The first copies of the newspaper were printed from a premises in Trinity Street in Dublin but later moved to a more suitable location in D’Olier Street, before finding a permanent home in Middle Abbey Street, Dublin. It was well received by Irish society, at home and abroad. In 1900, it merged with ‘The Irish Weekly Independent’ ‘There has never been published in this, or any other country, a journal, which was imbued with higher ideals of nationality, which attracted such a brilliant band of writers in prose and verse, which inspired such widespread enthusiasm, or which exercised a greater influence over all classes of its readers, which after a time included every section of the community.

‘The Nation’ preached a nobler and more self-sacrificing Gospel of Nationality than Irishmen and women had been accustomed to hear for many years. It sought, not only to disinfect the political life of the country, but to raise the whole standard of national self-respect based on the inalienable right of people to guard their own destinies ; to inculcate a sentiment of pride in Ireland and everything Irish – in our history, legends, language and literature ; in our music and in our art ; in our magnificent contributions to the culture and civilisation of other countries ; in our sacred ruins scattered throughout the land and in lonely islands off our coasts, silently preaching silent sermons on Irish sanctity, learning and foreign rapacity ; in our heroic struggle for freedom throughout the ages ; in the brilliant achievements of our soldiers on the continent of Europe and in America, where they helped the oppressed colonists to achieve their independence – and it strove to regenerate the motherland intellectually, spiritually, socially and nationally…’ (from here.)

On the 16th September, 1845 – 175 years ago on this date – Thomas Osborne Davis, at only 30 years of age, died in Dublin from scarlet fever. He is buried in Mount Jerome Cemetery, in Dublin.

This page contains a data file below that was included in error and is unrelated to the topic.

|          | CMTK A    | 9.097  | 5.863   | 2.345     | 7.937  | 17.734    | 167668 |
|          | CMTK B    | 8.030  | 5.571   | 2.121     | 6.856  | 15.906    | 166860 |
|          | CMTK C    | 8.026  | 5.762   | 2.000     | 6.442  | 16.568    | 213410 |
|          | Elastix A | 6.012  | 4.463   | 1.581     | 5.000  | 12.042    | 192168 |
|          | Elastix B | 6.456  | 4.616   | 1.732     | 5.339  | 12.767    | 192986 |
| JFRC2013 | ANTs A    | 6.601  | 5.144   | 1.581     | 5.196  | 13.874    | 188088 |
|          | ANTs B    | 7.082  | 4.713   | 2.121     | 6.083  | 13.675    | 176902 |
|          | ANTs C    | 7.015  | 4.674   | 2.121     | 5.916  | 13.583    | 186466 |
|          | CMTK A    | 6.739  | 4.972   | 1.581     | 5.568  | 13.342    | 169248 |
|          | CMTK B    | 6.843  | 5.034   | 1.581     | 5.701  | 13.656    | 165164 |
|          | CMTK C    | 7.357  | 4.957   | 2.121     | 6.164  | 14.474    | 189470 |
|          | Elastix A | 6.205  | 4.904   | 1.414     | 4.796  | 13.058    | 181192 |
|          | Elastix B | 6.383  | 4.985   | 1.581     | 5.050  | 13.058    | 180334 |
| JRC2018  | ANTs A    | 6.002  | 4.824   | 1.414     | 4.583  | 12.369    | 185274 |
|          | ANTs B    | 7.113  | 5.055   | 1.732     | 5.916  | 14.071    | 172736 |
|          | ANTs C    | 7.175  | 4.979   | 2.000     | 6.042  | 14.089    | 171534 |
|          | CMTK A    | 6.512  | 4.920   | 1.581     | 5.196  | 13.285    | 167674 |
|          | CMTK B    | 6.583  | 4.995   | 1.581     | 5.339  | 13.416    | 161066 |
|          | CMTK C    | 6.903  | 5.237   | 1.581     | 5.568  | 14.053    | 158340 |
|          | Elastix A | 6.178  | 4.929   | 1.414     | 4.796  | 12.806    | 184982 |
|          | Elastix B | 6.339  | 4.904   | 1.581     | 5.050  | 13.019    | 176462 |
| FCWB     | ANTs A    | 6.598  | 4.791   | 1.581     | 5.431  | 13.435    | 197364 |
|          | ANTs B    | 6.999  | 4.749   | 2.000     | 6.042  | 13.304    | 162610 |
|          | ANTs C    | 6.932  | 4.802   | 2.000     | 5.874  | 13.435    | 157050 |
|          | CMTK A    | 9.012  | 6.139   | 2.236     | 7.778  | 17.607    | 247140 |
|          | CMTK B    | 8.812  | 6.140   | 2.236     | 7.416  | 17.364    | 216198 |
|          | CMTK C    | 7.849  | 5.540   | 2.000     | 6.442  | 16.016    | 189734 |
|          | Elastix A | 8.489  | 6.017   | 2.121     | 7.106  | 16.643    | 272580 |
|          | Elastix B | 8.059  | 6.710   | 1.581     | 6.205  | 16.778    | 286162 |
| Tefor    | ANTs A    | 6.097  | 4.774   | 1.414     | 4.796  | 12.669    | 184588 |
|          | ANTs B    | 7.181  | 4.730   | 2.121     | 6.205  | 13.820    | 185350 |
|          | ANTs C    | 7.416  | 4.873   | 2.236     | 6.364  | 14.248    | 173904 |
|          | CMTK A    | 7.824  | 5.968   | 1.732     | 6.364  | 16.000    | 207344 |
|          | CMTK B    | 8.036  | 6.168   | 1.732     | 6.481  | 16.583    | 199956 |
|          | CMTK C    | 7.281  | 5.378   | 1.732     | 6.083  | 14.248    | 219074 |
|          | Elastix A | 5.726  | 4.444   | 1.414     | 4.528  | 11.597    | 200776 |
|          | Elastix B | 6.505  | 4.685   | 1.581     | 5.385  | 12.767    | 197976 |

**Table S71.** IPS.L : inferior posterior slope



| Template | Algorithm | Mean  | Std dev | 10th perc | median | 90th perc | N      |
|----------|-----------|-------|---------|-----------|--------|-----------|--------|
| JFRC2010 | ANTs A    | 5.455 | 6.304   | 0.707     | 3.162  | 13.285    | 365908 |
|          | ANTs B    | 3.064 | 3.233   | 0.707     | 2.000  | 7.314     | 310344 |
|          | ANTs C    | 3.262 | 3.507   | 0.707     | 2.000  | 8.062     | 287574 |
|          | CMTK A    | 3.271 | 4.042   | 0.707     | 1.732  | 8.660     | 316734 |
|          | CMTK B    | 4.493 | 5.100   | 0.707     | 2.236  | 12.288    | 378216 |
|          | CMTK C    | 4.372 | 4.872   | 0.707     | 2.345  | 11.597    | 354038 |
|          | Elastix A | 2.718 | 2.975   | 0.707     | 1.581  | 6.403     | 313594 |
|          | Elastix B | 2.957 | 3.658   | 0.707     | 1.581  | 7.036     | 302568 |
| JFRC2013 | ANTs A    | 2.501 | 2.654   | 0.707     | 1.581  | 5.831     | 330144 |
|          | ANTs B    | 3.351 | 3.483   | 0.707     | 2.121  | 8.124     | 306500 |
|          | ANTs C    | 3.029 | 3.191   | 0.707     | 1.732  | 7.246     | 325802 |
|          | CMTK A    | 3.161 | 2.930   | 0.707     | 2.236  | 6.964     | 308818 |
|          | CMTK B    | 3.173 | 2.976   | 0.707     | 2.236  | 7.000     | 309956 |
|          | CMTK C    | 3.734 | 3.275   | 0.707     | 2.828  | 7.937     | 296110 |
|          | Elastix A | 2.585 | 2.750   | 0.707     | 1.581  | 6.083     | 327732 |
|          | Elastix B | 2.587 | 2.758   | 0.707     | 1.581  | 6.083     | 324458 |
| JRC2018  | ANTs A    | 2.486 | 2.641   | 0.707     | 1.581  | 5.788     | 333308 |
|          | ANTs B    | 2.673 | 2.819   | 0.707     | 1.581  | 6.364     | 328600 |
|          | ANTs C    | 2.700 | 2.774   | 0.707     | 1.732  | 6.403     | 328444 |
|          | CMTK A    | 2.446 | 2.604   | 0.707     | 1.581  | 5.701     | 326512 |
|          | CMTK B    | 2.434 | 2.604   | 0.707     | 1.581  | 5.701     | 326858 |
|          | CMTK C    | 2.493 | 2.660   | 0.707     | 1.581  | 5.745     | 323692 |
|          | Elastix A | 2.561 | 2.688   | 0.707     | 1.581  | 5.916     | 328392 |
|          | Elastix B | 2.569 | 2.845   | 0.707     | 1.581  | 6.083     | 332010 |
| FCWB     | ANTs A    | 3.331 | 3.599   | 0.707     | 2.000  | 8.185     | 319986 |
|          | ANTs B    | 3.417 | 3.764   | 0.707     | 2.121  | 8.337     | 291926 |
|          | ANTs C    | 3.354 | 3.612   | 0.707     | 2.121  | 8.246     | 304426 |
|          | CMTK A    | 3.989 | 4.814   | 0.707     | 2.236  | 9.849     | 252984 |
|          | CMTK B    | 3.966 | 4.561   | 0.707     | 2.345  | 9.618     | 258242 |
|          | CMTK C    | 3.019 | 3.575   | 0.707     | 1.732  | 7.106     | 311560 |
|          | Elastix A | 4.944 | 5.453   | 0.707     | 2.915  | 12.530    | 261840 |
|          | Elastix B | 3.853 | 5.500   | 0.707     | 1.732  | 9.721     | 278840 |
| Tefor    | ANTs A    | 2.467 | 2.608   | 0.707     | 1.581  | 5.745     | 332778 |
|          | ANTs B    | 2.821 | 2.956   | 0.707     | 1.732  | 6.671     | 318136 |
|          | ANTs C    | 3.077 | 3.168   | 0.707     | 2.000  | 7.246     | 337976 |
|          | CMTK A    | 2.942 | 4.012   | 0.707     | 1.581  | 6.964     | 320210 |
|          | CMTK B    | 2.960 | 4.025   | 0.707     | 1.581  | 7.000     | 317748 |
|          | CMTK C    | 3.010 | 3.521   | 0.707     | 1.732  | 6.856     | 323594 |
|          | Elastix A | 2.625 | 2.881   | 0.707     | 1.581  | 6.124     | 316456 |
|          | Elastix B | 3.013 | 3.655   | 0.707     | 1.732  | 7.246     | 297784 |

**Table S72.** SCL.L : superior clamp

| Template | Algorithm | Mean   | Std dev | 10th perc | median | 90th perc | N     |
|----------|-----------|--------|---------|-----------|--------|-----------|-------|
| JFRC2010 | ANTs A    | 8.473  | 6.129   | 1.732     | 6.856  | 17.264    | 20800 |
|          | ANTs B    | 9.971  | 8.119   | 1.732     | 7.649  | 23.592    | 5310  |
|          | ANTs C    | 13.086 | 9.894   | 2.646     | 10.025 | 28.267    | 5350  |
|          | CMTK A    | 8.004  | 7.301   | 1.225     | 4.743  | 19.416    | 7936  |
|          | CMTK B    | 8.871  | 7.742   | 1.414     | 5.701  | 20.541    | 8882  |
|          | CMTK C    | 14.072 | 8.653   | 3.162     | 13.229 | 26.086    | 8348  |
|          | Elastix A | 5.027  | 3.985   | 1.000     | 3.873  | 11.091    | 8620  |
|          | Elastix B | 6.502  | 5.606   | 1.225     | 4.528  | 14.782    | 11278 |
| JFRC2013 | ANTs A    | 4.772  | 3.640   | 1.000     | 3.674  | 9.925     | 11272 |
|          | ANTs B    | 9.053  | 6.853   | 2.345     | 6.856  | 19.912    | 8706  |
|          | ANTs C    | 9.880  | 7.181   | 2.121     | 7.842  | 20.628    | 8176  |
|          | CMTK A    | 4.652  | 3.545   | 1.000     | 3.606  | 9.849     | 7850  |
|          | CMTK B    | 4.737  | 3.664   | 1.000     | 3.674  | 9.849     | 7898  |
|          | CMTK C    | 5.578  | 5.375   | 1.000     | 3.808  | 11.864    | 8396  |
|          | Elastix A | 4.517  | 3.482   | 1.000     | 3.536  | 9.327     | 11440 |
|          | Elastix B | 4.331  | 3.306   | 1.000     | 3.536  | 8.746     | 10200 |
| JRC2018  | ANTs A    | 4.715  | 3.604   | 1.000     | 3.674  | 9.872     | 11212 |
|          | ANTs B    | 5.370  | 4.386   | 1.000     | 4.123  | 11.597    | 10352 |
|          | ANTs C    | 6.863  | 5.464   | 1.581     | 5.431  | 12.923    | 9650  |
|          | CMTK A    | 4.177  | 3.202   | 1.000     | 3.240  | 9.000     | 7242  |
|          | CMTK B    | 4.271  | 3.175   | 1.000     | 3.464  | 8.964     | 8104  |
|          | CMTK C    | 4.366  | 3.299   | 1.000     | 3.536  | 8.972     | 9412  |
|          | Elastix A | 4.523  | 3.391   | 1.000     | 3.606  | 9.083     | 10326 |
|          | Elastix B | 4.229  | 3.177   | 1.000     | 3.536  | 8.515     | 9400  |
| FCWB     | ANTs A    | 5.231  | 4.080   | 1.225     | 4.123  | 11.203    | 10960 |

From ‘The United Irishman’ newspaper, June, 1955.

Principles, Methods and Subjects…

11. Elements of philosophy.

12. Theoretical and practical elements of art, science and music. Non-formal as well as formal study, with special attention to the creative faculty.

13. Development of manual work and craftmanship. Exclusion of competition and sense of time.

14. Elements of money.

As we have stated, the above is but an indication of some methods and subjects which could be adopted. To develop any such work, it will be necessary to obtain the co-operation of any member, or reader, who can assist in any way. We would therefore be glad to hear from those interested with a view to having a meeting in the near future.

(END of ‘Education’. NEXT – ‘Ulster Letter’, from the same source.)


’16th September 1920 : British double agent John Henry Gooding aka F. Digby Hardy (pictured) offers to betray his superior, Basil Thomson, to the IRA. It is unknown if the offer was genuine or part of a trap for Michael Collins ; exposed by Irish press as an ex-convict, forger and bigamist, ‘Gooding’ admits his past and scores a propaganda victory for the IRA; he is allowed to flee Ireland unharmed and dies of natural causes in 1930…’

‘John Henry Gooding, alias Frank Digby Hardy was an English naval writer, journalist, soldier, career criminal and would-be spy during the Irish War of Independence. Born in Devonport, Plymouth to a middle-class family, he was educated in London before gaining notoriety in his native Devon as a bigamist and a cheque forger. Imprisoned numerous times throughout his life, he was enlisted by British intelligence to capture Irish Republican Army leader Michael Collins in 1920…his enlistment into the British intelligence services came at a time when membership of the organisation was low and a recruitment drive had been initiated by its leadership for the purposes of action in Ireland during the Irish War of Independence…’

‘A convicted forger serving a 5 year sentence in a London prison, one F. Digby Hardy, offered his services as a spy. Hardy was to travel to Ireland and establish contact with the IIS (the Irish Republican Intelligence agency). Hardy’s letter, however, had been intercepted and transmitted to IIS Headquarters, where Irish operatives began to amass a dossier of incriminating information concerning Hardy’s past. Collins actually got a copy of the letter Gooding wrote offering his services.